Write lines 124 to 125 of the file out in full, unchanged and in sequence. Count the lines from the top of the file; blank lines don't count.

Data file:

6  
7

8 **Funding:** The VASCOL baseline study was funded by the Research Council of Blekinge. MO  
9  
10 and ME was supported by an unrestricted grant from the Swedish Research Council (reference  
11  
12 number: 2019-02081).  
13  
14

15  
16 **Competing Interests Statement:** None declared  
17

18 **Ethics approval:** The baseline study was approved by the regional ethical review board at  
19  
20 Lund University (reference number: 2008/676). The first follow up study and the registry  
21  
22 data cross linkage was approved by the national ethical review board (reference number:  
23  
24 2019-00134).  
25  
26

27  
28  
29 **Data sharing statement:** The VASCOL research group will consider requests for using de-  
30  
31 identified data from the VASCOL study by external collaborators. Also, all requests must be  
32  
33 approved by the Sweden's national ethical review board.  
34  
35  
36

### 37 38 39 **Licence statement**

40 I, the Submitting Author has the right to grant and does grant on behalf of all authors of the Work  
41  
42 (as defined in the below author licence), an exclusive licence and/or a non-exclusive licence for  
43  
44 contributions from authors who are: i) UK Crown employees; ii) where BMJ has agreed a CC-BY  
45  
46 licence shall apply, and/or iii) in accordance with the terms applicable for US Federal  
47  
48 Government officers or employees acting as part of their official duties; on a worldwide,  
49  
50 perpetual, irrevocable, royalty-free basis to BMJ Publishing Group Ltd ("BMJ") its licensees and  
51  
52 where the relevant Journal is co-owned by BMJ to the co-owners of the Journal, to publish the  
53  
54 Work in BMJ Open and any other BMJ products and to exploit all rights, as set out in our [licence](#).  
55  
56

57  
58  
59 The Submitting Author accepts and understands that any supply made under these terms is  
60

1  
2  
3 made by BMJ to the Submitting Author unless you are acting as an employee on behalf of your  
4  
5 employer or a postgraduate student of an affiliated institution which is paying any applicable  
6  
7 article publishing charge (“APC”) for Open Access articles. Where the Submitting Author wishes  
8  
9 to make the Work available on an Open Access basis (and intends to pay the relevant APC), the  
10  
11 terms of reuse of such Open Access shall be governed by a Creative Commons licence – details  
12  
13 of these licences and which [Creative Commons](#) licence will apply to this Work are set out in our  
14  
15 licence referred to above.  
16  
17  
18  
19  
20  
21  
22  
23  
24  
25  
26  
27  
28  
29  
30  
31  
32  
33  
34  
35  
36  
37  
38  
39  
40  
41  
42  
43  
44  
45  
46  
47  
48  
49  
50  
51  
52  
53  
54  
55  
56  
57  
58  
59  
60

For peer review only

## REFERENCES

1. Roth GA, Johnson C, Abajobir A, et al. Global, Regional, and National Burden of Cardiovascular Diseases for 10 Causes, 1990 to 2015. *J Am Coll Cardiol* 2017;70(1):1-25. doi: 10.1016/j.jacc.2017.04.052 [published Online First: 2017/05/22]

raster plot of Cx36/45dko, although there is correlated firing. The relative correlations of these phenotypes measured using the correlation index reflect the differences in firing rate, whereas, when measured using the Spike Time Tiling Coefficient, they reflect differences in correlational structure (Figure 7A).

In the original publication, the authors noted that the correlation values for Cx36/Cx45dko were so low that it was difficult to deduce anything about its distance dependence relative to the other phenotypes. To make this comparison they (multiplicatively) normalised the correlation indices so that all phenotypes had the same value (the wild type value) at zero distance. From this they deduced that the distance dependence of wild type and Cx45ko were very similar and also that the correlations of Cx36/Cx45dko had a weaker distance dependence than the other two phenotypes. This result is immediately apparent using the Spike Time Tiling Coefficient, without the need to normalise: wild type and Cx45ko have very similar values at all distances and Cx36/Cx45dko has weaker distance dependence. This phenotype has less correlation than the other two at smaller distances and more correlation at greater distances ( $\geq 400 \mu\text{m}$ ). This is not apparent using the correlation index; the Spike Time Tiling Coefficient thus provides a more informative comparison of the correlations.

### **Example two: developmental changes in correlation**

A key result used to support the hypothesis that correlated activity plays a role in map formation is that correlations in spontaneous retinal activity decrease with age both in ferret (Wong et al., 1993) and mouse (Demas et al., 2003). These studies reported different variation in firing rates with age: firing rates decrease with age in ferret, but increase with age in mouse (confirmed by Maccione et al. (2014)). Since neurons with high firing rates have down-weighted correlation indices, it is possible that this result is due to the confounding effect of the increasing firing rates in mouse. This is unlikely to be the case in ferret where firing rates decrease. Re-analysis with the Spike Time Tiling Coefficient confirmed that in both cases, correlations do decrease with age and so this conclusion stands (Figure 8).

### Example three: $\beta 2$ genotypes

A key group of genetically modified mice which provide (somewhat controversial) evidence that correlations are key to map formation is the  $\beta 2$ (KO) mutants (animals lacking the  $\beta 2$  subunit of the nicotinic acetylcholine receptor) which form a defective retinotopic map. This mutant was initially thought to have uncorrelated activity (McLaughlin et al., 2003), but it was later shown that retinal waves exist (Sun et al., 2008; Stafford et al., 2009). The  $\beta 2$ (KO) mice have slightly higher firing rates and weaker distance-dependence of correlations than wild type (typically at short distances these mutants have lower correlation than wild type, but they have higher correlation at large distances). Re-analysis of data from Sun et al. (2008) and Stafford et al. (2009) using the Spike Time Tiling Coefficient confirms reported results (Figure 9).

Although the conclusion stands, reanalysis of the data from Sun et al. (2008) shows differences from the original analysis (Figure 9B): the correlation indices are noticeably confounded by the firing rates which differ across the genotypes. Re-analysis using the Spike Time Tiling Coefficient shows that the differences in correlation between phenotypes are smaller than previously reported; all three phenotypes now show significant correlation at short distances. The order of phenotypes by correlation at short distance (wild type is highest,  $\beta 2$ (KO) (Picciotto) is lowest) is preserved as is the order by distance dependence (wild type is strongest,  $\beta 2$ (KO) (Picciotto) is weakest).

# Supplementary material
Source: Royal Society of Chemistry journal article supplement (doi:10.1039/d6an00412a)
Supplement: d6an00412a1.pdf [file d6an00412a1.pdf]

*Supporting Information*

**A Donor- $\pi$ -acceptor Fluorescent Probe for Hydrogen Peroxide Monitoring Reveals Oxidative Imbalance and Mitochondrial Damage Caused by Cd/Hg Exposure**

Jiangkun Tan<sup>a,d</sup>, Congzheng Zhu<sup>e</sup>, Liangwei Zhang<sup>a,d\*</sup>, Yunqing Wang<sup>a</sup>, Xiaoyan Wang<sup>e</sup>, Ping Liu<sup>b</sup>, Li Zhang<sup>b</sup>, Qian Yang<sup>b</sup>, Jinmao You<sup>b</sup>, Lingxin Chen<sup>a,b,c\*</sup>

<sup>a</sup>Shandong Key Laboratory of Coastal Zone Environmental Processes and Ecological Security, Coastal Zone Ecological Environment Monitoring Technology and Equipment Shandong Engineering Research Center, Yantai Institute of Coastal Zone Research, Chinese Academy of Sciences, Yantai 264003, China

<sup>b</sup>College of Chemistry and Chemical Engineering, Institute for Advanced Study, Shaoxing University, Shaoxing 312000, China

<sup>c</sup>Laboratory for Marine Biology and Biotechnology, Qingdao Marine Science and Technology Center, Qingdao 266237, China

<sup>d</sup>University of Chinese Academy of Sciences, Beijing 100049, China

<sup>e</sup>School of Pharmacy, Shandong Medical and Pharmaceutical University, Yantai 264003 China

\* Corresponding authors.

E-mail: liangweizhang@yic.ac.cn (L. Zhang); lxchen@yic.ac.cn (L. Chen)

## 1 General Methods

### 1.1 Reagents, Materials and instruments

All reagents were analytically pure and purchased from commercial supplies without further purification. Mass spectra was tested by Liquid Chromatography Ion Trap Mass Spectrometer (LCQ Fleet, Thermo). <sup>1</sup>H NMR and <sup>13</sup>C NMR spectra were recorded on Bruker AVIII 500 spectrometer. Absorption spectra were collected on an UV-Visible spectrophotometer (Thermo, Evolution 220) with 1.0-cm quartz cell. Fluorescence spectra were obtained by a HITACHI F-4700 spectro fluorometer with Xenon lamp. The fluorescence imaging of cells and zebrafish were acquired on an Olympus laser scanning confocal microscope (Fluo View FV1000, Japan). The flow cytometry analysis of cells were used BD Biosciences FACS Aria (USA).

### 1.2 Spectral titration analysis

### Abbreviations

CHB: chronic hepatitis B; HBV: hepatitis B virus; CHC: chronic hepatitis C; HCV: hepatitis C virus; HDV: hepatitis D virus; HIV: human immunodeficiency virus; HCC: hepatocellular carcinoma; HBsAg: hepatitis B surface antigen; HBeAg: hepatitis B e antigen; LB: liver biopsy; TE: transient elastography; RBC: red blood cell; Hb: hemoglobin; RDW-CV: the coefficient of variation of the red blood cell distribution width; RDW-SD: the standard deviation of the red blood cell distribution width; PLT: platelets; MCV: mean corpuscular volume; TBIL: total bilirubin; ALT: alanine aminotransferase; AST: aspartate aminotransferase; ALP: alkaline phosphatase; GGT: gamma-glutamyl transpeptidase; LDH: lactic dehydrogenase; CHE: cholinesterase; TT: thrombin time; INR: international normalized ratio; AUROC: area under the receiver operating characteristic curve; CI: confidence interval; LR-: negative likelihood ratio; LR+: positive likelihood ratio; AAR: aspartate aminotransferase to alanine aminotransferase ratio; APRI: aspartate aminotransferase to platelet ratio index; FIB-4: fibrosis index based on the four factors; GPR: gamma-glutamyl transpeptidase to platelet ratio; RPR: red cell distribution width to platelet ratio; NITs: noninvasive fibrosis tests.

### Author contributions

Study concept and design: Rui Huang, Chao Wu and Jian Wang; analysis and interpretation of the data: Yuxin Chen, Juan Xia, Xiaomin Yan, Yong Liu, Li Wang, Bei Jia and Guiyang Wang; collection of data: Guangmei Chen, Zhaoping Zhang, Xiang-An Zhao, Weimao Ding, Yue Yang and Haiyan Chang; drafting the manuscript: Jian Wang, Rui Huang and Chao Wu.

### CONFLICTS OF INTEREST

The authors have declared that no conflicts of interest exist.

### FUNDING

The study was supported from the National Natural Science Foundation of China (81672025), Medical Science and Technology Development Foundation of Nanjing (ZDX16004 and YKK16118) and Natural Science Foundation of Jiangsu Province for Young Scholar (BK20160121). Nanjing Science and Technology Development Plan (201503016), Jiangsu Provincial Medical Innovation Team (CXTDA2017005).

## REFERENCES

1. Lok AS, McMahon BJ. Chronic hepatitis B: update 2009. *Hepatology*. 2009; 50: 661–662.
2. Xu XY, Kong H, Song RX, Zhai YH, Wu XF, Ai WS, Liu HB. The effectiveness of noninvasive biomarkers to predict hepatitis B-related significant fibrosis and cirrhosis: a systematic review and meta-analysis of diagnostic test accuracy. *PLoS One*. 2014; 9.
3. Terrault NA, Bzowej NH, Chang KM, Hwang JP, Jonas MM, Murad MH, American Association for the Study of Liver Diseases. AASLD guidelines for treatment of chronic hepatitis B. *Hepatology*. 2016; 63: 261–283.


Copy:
# Supplementary material
Source: Royal Society of Chemistry journal article supplement (doi:10.1039/d6an00412a)